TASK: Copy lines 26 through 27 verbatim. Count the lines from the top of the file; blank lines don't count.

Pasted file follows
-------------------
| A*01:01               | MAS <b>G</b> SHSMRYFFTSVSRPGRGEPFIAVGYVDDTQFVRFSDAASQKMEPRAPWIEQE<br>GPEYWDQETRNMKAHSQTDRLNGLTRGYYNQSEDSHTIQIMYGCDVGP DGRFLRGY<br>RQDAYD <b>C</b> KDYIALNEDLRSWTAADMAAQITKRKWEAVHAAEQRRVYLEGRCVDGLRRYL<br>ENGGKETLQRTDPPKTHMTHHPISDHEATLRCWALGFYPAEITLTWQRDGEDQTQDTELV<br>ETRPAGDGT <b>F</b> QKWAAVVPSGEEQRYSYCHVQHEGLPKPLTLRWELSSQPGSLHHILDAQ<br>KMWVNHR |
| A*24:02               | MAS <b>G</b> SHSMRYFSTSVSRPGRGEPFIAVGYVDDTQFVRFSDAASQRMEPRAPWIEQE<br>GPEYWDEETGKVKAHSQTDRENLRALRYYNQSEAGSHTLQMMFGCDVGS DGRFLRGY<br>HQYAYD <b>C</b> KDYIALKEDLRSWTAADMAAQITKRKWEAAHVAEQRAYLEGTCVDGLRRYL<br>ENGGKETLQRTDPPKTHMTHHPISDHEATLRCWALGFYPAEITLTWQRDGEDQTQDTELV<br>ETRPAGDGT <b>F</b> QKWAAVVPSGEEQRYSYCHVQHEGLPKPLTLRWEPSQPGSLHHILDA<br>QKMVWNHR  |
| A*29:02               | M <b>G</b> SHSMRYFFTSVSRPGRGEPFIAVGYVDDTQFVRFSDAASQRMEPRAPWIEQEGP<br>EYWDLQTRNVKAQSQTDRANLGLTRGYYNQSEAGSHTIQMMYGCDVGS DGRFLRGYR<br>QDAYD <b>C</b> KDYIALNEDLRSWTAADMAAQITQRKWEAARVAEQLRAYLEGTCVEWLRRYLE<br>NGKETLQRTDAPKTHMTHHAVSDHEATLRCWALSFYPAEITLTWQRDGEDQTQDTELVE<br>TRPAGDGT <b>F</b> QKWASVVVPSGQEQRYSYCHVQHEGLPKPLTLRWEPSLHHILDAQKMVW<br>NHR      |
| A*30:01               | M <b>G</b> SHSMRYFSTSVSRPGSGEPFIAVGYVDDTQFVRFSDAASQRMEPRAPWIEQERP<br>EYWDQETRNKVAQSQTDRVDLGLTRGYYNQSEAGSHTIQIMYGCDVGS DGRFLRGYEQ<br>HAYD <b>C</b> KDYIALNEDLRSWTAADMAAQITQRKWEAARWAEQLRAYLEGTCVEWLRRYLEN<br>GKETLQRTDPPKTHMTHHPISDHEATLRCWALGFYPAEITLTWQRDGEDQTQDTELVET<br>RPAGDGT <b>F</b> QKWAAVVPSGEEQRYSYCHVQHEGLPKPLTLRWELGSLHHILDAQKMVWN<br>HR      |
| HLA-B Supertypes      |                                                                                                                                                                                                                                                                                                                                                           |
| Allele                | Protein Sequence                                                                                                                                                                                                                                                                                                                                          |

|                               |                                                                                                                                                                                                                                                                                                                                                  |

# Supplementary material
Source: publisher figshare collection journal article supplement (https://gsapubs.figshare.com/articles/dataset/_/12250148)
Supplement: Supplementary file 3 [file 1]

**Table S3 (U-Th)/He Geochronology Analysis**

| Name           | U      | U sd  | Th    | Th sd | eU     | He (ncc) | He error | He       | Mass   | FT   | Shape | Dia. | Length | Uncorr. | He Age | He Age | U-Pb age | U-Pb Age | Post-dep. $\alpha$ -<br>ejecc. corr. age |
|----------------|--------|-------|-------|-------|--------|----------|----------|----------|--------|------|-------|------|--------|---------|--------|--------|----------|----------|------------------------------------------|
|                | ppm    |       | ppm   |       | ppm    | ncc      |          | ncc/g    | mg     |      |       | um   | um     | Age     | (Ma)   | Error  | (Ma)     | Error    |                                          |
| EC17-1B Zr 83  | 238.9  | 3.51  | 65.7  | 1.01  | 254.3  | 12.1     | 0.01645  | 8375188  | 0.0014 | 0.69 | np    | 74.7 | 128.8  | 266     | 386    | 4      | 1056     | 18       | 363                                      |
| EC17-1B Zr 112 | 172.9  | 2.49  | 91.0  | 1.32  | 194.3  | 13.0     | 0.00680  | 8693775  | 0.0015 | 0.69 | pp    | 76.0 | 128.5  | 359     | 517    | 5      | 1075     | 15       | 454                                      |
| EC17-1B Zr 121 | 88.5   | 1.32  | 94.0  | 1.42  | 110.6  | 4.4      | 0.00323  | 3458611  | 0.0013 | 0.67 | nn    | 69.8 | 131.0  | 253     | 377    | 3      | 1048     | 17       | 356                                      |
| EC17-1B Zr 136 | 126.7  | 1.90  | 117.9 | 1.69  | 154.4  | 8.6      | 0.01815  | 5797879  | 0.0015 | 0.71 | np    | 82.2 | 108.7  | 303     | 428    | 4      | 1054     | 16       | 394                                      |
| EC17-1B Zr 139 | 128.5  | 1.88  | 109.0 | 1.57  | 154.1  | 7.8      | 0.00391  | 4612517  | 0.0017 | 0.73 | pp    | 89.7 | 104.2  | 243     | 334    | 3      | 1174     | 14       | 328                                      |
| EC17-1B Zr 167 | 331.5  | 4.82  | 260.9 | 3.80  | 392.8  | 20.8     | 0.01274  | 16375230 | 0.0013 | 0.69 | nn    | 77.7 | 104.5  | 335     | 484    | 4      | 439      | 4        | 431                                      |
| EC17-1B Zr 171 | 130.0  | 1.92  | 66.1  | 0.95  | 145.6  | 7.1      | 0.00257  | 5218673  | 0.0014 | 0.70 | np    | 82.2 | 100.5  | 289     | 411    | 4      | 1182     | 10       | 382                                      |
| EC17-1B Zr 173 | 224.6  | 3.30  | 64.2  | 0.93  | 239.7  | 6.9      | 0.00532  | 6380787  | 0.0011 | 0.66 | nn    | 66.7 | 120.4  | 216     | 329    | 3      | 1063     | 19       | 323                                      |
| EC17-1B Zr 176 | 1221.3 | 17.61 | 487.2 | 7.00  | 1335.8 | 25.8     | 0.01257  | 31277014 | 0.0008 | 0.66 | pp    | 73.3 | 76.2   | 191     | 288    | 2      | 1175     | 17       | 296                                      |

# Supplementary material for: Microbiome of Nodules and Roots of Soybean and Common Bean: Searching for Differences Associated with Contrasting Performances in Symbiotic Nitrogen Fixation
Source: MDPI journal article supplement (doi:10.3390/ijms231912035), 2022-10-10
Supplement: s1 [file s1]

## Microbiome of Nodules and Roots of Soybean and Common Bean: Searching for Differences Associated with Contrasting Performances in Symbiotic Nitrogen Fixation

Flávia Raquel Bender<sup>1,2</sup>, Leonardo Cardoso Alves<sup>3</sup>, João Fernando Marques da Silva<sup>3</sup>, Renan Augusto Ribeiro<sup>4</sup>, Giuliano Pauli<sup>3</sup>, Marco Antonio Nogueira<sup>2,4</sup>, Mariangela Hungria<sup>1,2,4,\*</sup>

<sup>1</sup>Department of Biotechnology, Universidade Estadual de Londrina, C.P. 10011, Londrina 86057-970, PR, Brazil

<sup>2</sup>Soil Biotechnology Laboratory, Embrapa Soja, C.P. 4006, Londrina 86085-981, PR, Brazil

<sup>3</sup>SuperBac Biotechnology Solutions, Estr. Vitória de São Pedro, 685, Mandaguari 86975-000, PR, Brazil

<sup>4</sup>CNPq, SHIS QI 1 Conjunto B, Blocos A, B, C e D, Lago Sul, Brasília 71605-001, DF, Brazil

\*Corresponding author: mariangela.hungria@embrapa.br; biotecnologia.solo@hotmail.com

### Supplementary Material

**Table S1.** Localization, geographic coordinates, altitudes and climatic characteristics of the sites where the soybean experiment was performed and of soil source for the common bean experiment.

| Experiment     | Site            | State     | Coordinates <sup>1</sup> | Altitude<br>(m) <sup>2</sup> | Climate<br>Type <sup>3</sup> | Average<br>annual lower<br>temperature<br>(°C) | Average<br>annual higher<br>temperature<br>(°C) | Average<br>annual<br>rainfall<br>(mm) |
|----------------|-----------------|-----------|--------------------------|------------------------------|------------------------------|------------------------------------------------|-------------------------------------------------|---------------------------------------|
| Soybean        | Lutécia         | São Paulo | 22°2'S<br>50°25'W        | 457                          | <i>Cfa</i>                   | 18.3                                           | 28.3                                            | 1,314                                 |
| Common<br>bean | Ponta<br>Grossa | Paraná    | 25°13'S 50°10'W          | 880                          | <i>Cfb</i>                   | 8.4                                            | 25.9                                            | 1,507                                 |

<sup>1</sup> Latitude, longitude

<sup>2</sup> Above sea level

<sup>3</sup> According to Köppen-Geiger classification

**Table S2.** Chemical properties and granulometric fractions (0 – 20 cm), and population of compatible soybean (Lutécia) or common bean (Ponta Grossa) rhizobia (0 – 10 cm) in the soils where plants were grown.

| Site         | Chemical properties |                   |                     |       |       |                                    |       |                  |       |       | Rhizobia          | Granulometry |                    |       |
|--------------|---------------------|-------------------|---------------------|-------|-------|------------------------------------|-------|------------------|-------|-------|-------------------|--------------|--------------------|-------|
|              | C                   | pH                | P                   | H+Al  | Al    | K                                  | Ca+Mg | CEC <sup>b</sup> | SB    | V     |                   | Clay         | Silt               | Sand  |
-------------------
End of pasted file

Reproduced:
Supplement: s1 [file s1]

## Microbiome of Nodules and Roots of Soybean and Common Bean: Searching for Differences Associated with Contrasting Performances in Symbiotic Nitrogen Fixation